Fiscal expansion can replace ineffective monetary policy at the zero lower bound, but fiscal expansion is not the same thing as deficit finance. It requires deficits aimed at, and conditioned on, generating inflation. The deficits must be seen as fi- nanced by future inflation, not future taxes or spending cuts.
I promise that my immediate thought when I read the Sims quote somewhere else yesterday is that another effective fiscal stimulus would be increased government consumption whether financed by future spending cuts, future taxes or even current taxes with no increase in the deficit ever.
I sense the long term damage done by Milton Friedman's rhetorical brilliance. Friedman somehow managed to redefine Keynesian stimulus as temporary tax cuts and not as temporary deficit financed spending increases (which is you know (at least I hope you know) the policy that Keynes actually advocated).
Sims makes it fairly clear that he is not considering spending increases. I don't know why. The statement "fiscal expansion ... requires deficits" is false for all existing macroeconomic models and makes no sense *unless* fiscal is interpreted to mean "based on taxes alone for given government spending".
DeLong is in the title for two reasons. First he remarked somewhere on the amazing success of Friedman's rhetorical trick (one among his many completely brilliant, unscrupulous and successful triks: others are saying that keeping the growth of the money supply constant via constant monetoriing and intervention is laissez faire, saying the Fed caused the great depression because he thinks the Fed could have countered the private sector crisis (as it tried to do in 2008 so the current evidence is that the Fed could have made the great depression a great recession), and pretending that prominent Keynesians claimed that the expectations unaugmented Phillips curve was stable). Second, he regularly has the effect on me that Sims had on Krugman when he writes things to the effect that *THE* solution to inadequate aggregate demand in a liquidity trap is to increase the supply of safe assets. I try to always comment that balanced budget fiscal expansion would also work without any increase in the supply of any assets. He always agrees until the next time he writes that.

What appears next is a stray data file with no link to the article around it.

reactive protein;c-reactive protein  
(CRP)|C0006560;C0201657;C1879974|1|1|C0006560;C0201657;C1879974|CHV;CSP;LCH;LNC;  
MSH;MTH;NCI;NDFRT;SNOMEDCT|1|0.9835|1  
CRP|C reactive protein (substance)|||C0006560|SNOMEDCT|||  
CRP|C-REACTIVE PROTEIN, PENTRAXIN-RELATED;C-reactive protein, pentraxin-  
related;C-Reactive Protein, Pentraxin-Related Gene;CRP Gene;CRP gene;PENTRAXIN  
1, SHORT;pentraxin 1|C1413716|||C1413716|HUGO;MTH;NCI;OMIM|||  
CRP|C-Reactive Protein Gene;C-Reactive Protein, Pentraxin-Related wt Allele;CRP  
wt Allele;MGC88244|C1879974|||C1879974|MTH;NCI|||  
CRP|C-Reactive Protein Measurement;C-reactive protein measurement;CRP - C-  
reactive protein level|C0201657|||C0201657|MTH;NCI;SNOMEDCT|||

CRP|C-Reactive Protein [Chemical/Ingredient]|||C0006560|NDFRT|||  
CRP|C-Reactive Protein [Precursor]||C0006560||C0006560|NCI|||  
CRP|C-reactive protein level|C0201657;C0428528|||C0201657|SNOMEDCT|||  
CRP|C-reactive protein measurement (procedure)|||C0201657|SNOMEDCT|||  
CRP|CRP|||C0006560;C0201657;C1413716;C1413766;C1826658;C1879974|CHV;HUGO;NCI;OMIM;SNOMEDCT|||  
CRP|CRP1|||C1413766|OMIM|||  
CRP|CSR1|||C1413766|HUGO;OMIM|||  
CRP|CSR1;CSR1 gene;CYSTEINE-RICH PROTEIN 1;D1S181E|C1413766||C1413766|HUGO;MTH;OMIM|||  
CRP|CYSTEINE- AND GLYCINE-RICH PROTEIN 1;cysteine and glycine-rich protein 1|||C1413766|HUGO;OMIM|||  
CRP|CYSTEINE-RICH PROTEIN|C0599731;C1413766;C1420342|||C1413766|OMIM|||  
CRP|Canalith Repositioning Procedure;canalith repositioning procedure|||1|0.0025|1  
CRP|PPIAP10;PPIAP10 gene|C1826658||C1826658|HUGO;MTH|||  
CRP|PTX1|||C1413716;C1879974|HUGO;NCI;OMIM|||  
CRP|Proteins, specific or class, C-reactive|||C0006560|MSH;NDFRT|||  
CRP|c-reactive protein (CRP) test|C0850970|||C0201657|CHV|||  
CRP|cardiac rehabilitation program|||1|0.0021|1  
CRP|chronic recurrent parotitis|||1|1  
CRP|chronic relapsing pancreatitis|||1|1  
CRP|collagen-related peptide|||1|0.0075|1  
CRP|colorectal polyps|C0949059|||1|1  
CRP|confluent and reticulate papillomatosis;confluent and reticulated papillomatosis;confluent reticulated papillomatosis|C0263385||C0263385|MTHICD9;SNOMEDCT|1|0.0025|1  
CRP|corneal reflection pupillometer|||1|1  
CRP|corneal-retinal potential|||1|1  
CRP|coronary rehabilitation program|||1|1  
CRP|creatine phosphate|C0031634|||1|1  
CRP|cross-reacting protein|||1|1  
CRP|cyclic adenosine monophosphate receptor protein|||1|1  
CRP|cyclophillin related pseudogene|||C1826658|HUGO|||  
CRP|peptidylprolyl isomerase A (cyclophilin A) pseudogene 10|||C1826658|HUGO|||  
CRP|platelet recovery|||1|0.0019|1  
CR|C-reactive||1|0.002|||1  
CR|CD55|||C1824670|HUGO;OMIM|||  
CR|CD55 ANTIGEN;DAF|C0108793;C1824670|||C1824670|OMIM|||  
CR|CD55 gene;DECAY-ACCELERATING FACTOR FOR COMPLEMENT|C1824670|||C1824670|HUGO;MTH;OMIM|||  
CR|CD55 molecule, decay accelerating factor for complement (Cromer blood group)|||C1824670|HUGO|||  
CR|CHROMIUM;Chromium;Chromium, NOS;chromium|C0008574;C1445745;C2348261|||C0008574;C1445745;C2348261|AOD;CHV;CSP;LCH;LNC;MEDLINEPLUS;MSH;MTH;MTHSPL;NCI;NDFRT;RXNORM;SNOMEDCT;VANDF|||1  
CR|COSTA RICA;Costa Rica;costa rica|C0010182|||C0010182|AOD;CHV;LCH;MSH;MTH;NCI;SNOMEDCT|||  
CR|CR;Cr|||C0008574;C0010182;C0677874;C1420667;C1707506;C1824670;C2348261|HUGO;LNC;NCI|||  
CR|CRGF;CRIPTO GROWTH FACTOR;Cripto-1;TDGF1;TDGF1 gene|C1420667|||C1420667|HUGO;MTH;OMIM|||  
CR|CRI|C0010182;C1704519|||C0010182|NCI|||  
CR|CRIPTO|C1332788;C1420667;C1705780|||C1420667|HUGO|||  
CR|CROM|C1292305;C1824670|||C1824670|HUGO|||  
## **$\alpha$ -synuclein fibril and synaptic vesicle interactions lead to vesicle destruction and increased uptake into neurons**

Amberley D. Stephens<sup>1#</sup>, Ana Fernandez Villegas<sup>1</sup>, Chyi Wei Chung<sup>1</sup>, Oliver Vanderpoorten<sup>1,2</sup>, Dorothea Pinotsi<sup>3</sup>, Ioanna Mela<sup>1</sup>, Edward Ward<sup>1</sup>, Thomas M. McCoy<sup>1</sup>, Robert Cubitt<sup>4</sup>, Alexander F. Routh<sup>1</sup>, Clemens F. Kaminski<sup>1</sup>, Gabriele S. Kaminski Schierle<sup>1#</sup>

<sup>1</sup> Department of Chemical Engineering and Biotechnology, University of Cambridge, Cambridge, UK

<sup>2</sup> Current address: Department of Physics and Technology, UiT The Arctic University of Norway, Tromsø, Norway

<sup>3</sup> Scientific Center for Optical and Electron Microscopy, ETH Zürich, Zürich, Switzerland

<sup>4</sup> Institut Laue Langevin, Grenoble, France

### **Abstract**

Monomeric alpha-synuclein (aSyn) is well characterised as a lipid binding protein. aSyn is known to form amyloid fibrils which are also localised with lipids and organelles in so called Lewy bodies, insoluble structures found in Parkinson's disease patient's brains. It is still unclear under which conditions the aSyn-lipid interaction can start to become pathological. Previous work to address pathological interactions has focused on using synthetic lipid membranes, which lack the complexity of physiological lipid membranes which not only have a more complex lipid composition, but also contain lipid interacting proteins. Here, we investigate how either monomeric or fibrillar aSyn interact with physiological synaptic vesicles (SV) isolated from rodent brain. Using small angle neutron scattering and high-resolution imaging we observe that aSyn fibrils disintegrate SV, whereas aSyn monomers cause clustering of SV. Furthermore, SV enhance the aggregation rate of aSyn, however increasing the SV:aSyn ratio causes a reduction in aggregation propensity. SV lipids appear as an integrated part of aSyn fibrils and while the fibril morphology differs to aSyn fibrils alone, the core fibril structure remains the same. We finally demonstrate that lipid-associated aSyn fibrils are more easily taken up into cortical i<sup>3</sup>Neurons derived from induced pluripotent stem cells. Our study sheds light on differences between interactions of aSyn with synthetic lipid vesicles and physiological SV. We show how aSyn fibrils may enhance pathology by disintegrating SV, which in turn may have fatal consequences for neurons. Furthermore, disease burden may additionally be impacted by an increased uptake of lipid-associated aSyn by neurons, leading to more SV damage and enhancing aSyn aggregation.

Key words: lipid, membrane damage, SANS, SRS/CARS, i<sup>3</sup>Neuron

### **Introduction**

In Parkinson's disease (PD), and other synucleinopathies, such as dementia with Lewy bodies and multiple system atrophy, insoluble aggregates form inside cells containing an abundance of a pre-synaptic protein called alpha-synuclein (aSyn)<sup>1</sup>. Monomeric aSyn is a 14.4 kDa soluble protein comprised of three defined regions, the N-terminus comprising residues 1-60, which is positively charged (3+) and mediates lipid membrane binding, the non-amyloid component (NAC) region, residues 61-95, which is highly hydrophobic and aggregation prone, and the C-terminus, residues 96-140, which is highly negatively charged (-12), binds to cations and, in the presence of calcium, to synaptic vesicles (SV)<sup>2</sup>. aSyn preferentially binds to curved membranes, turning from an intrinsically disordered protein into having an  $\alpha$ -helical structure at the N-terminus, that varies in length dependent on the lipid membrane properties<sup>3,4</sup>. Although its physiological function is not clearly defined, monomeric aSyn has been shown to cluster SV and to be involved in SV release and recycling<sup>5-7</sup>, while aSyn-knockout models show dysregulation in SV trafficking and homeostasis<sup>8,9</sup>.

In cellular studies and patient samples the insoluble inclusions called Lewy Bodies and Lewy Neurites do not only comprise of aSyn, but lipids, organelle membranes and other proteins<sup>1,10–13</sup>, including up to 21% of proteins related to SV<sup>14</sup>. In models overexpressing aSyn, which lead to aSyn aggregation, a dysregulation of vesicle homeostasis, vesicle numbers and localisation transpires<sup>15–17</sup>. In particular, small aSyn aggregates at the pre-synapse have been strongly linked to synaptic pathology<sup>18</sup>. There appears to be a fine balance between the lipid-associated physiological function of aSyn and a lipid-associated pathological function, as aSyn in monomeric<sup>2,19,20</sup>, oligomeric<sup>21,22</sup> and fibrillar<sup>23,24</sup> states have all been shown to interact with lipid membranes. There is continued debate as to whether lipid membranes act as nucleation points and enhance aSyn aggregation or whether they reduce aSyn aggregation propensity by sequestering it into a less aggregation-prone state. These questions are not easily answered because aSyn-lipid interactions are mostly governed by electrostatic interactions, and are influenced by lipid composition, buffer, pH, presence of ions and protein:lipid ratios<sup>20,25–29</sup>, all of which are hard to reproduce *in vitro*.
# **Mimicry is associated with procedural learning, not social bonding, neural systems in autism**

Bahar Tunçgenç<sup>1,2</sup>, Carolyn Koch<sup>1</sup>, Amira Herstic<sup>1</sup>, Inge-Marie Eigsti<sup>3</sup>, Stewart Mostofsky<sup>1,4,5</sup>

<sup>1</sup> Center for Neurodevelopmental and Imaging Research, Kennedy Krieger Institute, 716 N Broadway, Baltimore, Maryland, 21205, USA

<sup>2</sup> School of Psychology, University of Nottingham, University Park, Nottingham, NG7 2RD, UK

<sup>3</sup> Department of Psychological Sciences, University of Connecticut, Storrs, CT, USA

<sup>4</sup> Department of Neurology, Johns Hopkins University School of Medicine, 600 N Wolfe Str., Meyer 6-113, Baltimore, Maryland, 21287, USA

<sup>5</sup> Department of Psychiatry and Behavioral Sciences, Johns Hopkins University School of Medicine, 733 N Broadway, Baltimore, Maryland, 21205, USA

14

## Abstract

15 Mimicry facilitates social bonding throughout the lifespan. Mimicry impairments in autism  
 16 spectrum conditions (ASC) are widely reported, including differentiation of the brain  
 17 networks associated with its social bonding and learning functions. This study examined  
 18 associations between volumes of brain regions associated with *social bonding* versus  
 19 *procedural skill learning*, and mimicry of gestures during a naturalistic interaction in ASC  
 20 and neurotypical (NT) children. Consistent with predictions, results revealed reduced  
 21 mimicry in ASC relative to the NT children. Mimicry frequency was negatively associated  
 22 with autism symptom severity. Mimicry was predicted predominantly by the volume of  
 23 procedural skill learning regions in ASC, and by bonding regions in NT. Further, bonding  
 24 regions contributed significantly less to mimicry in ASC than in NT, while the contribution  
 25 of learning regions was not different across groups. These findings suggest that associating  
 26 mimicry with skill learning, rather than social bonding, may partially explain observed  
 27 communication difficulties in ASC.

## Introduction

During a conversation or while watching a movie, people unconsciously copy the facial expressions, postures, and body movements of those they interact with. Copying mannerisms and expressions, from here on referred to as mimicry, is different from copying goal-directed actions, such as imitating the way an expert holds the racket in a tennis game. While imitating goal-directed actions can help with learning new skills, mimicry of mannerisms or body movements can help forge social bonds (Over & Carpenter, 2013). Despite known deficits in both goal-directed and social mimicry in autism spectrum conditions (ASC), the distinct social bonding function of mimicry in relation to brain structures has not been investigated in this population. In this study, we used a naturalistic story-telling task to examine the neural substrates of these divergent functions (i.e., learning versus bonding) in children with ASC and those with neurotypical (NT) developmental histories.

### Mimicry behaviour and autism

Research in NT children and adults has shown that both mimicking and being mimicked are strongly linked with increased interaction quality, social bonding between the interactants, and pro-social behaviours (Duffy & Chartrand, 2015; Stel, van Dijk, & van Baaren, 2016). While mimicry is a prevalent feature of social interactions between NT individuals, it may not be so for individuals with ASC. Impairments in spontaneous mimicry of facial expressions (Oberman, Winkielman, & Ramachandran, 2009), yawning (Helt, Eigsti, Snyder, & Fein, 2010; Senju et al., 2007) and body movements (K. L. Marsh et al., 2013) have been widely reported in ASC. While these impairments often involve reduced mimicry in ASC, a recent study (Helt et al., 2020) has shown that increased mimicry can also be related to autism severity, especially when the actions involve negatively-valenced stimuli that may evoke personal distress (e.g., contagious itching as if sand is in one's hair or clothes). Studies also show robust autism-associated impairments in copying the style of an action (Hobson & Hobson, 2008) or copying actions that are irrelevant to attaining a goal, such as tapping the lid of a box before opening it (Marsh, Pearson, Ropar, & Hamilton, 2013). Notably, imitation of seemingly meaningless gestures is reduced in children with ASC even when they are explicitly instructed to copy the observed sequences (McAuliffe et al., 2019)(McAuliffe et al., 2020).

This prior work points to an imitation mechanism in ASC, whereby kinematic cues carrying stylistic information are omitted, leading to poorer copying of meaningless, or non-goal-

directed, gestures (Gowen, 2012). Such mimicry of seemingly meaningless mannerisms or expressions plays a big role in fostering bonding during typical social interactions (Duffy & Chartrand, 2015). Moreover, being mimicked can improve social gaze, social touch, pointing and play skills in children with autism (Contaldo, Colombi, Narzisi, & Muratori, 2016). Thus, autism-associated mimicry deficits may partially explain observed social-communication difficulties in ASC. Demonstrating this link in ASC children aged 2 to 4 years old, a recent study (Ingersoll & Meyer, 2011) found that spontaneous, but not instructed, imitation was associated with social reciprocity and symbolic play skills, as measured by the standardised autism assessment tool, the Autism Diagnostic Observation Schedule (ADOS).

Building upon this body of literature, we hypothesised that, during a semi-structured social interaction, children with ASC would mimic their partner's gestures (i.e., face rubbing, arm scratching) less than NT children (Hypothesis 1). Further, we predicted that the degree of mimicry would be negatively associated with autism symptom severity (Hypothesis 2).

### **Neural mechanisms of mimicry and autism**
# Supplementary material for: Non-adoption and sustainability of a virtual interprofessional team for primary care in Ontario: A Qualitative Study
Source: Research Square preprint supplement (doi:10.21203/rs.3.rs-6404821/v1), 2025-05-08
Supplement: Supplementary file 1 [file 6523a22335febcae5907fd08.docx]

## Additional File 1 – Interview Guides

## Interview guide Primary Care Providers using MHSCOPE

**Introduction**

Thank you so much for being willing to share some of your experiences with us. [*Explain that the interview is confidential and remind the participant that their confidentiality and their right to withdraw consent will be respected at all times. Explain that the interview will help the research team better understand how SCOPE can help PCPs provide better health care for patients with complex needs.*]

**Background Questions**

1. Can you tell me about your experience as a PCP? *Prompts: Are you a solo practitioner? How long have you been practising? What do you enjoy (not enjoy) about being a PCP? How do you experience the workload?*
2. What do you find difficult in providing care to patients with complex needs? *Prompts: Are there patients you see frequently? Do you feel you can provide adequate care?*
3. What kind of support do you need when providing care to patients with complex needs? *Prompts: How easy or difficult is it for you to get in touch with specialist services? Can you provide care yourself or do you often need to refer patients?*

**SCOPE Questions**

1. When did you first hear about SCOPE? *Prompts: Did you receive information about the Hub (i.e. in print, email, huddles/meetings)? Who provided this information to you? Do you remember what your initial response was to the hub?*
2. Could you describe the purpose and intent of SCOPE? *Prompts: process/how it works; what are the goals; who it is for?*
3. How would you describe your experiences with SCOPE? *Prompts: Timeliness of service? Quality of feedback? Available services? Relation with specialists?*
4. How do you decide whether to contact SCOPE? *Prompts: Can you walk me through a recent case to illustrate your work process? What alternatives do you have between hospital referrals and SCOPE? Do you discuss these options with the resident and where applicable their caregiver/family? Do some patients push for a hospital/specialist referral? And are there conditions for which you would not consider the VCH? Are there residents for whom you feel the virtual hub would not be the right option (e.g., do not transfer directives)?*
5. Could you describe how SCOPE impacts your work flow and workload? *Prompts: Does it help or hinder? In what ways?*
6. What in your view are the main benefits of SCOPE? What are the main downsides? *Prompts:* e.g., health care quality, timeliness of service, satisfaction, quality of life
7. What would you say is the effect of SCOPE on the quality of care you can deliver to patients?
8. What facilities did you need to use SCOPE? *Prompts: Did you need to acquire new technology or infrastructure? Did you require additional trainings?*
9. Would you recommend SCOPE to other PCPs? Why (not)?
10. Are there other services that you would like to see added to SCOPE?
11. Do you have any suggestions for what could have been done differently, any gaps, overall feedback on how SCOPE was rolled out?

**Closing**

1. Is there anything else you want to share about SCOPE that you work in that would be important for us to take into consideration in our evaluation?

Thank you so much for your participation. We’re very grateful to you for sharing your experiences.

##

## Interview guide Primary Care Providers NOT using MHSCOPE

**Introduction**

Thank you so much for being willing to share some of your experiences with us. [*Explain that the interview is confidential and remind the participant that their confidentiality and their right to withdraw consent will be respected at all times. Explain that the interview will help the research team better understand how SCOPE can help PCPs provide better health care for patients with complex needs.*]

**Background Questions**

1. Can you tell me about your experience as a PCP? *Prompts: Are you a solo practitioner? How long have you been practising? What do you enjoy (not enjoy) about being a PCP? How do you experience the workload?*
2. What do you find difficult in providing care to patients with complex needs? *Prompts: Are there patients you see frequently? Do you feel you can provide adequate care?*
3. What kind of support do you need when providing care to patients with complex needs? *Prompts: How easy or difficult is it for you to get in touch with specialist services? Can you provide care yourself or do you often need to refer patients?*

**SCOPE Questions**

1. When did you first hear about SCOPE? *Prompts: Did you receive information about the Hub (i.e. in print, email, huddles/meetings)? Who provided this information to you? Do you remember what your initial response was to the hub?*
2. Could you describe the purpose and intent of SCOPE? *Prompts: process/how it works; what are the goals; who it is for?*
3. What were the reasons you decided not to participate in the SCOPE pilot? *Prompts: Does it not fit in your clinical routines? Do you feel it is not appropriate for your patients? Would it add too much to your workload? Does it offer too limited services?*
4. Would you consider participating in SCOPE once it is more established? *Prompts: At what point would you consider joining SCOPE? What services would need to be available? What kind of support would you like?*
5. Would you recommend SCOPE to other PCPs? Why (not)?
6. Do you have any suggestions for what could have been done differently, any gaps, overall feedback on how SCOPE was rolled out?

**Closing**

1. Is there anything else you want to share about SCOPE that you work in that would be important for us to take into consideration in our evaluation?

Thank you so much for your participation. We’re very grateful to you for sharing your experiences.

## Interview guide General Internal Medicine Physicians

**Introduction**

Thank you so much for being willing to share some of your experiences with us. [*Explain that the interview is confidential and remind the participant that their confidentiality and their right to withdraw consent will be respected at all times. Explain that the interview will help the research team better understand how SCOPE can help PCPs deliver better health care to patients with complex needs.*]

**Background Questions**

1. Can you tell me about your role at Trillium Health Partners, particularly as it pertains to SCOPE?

There is something strange going on there in Berkeley & Jackson Hole . I am at least as confused as Paul Krugman (as is usual).
update: There is a third reason to put Brad in the title. He wrote this post before I did, then added an interesting post with a model and all that. He usefully adds that Sims might also have considered a model in which there is government spending but GDP is defined as GDP-G, that is there is no fiscal stimulus do to increased spending if the multiplier is 1. It is indeed true that a lot of Ricardianoid arguments are based on the equation 1=0 in which "multiplier effects" mean a multiplier greater than 0 if one is discussing optimal policy and a multiplier greater than one if one is discussing the evidence. I hit post and *then* surfed over to Brad's blog (usually a mistake).